Raising two children is hard enough, but doing it while a husband is gone on his third deployment is even more challenging.
Melissa Seligman keeps herself busy with many projects while her husband Lt. David Seligman has been serving the country since August with the 1st Squadron, 4th Cavalry Regiment, 4th Infantry Brigade Combat Team, 1st Infantry Division.
The couple and their 6-year-old daughter and 4-year-old son moved to Fort Riley about a year and a half ago.
Seligman wanted to make sure her Family was healthy during the current deployment so she and the couple’s daughter began counseling about eight months ago.
“My husband has been gone for 80 percent of my children’s lives and multiple deployments start to take a toll,” Seligman said. “So I wanted to make sure that we were all healthy, and about five months ago they were starting to talk to me about my daughter having depression.”
Doctors mentioned starting her daughter on medication for the depression and that worried Seligman. She wanted to do everything she could to help her daughter, so in December 2009 she began working on a children’s book.
“I thought it might be a way for her to start talking because you do it through art or through writing as opposed to having to sit across from a grown up and saying, ‘I’m really angry at my dad,’” Seligman said.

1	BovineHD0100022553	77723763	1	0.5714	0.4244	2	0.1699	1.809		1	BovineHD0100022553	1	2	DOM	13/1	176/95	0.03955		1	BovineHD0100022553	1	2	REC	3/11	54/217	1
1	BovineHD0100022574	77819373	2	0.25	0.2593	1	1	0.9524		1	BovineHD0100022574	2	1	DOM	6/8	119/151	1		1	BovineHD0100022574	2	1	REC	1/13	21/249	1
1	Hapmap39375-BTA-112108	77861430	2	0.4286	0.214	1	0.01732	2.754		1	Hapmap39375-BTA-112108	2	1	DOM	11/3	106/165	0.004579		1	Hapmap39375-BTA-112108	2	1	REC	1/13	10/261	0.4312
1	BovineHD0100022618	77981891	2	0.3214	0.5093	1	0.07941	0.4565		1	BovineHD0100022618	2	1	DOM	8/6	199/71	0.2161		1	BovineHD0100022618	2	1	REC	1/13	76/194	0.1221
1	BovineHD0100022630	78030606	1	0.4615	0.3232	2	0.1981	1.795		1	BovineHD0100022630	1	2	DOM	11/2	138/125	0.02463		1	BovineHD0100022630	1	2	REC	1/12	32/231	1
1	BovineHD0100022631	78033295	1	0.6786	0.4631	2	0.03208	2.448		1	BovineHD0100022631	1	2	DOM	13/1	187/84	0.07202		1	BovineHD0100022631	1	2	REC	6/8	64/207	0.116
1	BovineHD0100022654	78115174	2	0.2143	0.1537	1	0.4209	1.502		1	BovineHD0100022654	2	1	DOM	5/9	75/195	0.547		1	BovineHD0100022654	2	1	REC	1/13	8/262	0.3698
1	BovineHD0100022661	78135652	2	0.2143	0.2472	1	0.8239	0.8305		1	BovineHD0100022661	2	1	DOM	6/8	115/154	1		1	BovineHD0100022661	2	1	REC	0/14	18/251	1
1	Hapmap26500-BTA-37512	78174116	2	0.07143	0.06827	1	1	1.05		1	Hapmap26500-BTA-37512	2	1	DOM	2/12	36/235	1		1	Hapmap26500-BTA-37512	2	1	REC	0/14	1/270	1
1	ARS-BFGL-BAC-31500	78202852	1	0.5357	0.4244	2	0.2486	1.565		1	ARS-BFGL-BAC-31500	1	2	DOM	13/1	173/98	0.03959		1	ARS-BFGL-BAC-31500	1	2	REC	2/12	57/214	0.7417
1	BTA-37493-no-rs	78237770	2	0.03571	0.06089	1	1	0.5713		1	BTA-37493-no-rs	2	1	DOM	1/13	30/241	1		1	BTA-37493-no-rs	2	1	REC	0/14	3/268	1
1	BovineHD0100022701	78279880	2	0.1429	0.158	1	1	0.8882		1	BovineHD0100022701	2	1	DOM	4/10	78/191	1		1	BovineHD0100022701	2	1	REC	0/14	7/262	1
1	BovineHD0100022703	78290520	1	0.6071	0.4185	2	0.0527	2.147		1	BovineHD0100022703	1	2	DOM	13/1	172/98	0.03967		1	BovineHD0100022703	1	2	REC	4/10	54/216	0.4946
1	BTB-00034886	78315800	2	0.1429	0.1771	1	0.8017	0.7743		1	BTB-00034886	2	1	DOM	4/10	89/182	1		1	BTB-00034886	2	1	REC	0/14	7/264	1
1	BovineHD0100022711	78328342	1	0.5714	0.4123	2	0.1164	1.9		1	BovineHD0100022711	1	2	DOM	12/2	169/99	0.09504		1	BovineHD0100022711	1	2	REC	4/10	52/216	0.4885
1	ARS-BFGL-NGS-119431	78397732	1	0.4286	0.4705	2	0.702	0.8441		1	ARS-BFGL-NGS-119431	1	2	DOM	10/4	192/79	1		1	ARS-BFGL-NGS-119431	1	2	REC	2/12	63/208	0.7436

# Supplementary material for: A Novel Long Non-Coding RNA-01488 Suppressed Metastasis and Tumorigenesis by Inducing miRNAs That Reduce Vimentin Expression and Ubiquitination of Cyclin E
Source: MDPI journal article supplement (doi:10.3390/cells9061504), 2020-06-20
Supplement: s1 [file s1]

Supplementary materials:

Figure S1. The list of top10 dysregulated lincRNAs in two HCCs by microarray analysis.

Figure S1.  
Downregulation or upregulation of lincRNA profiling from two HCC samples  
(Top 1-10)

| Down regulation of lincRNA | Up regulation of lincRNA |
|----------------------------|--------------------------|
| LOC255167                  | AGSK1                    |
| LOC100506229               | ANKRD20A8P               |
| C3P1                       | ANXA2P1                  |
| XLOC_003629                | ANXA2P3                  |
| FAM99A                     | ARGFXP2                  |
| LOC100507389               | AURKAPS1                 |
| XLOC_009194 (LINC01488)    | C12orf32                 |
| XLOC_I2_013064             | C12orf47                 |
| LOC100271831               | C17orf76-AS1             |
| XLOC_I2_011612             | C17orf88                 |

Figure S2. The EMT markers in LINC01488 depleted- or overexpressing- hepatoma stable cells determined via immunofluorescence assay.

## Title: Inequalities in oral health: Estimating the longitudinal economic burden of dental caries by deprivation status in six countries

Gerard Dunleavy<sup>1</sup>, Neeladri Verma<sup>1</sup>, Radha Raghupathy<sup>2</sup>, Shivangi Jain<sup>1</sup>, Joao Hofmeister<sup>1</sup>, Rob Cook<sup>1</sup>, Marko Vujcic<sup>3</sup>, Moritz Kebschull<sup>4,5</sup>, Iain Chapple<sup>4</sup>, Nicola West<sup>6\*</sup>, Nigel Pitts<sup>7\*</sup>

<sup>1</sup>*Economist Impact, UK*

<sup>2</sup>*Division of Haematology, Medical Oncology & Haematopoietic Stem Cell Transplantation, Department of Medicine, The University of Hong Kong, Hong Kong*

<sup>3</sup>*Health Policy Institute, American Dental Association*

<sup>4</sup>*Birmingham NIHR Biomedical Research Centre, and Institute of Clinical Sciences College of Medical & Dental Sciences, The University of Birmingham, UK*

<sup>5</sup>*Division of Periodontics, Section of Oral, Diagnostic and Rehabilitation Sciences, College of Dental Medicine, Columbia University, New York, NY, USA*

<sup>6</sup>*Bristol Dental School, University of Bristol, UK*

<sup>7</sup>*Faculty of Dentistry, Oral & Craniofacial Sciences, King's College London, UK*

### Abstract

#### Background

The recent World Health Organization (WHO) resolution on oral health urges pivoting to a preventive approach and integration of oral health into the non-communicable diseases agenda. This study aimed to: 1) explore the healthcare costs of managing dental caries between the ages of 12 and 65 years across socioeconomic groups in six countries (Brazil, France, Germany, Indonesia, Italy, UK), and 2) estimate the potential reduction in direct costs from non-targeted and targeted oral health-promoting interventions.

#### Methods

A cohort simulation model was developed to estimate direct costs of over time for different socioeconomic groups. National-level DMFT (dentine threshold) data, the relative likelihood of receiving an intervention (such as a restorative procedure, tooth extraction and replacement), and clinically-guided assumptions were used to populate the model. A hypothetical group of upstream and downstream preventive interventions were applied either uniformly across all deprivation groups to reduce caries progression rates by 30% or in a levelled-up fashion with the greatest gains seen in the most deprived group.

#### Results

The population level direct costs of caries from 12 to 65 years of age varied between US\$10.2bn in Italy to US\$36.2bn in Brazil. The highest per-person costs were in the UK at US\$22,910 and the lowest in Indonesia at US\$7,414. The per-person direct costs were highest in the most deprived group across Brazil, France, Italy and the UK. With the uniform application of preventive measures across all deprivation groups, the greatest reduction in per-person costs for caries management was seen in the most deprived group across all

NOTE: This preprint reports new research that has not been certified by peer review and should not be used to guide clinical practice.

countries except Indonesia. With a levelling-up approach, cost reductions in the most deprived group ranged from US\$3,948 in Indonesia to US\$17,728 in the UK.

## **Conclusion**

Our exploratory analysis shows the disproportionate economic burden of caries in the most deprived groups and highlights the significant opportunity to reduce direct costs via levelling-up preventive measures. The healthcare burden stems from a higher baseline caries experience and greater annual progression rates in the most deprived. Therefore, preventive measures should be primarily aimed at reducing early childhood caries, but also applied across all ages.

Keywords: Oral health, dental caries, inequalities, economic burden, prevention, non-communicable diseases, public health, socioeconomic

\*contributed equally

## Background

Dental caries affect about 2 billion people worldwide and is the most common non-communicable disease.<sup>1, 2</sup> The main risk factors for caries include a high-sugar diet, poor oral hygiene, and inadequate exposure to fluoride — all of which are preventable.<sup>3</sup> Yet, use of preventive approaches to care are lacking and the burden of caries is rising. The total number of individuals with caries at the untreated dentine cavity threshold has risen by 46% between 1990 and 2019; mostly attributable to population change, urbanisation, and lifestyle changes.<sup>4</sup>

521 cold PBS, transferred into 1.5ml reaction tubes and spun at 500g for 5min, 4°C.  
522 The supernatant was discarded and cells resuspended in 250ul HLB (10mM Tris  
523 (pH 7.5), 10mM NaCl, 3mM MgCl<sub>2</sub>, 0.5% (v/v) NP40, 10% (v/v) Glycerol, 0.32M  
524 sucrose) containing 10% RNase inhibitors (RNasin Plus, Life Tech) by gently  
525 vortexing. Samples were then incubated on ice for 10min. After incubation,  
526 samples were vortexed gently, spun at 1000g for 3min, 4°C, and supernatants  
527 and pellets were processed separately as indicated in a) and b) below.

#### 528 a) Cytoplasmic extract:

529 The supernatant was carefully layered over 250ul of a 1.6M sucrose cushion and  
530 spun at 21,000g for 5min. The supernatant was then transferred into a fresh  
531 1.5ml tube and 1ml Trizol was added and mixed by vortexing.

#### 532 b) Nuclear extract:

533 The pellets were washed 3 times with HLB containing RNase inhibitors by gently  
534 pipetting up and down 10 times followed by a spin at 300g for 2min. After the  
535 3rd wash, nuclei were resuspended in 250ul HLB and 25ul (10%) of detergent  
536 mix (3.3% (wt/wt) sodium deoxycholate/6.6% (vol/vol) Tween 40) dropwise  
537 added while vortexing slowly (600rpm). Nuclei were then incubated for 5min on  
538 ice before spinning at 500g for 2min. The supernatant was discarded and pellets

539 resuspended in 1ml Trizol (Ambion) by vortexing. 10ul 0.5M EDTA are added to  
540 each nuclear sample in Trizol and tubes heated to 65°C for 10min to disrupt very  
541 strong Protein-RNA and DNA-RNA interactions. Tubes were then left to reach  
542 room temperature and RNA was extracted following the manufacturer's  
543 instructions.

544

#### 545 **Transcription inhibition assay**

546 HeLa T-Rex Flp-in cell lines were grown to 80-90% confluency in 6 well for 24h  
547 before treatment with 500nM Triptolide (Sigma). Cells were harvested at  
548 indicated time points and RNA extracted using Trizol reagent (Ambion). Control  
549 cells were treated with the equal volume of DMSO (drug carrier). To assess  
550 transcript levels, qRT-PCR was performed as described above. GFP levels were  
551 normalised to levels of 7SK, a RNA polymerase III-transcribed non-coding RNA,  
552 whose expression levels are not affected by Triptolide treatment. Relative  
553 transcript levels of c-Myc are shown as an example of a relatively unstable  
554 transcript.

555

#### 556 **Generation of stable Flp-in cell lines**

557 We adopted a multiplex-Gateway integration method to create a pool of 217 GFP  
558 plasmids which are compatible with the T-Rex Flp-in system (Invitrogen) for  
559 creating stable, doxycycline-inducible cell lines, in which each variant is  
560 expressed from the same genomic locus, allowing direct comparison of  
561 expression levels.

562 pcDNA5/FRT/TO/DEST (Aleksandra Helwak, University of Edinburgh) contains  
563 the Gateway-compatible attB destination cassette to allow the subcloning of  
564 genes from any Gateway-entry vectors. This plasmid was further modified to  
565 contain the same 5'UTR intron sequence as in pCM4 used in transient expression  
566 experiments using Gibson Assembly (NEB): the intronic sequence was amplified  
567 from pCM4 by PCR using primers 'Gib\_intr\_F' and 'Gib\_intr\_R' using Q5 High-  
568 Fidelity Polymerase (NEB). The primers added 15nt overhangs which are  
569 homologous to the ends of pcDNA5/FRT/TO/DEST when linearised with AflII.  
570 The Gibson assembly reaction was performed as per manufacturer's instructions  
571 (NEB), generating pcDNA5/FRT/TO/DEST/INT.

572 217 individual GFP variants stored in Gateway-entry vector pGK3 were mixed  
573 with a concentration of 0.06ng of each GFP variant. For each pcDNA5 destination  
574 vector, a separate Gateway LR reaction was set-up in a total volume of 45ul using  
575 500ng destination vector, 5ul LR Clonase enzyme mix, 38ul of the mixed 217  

While David was home for mid-tour leave he sat down with their daughter and created her book.
The book, “A Heart Apart,” became a bonding mechanism for David and his daughter.
“My daughter actually turned around and looked at him while they were building it and said something along the lines of ‘Is it OK to be mad at you?’” Seligman said. “The amount of courage it takes for a kid to say that especially during R&R was really hard but I think it was important because he had the chance to say back ‘Sometimes I get really angry too because I want to be with you.’ They started having a great conversation about it.”
This book is interactive with a base storyline that Seligman wrote seven years ago. Children can adapt the story to fit their own life and add their own pictures.
Seligman created the book hoping children, especially her own, could find a way to communicate.
“There (are) all kinds of resources out there especially like the ‘Sesame Street Talk, Listen and Connect,’ but it’s really hard for a 4 year old to look at Elmo and say, ‘Oh, that’s supposed to be me,’” Seligman said. “So when they look at this book and they see their actual face and they get to tell their story, it’s really important for them to have a chance to do that.”
Her children now sleep with their books under their pillows, and the book has accomplished what Seligman hoped it would with her daughter.
“It’s opened up conversations with her that I’ve spent months in counseling trying to make happen and it’s not happened, and now she’ll tell me when she’s angry and why she’s angry because she has a book that she wrote that talks about those things,” Seligman said.
Seligman said she feels children don’t have anyone fighting for them on the same level that spouses do and that there isn’t much dialogue in terms of what deployments do children.
She believes that it’s more focused on the “Family,” Soldier, post-traumatic stress disorder issues or suicide rates.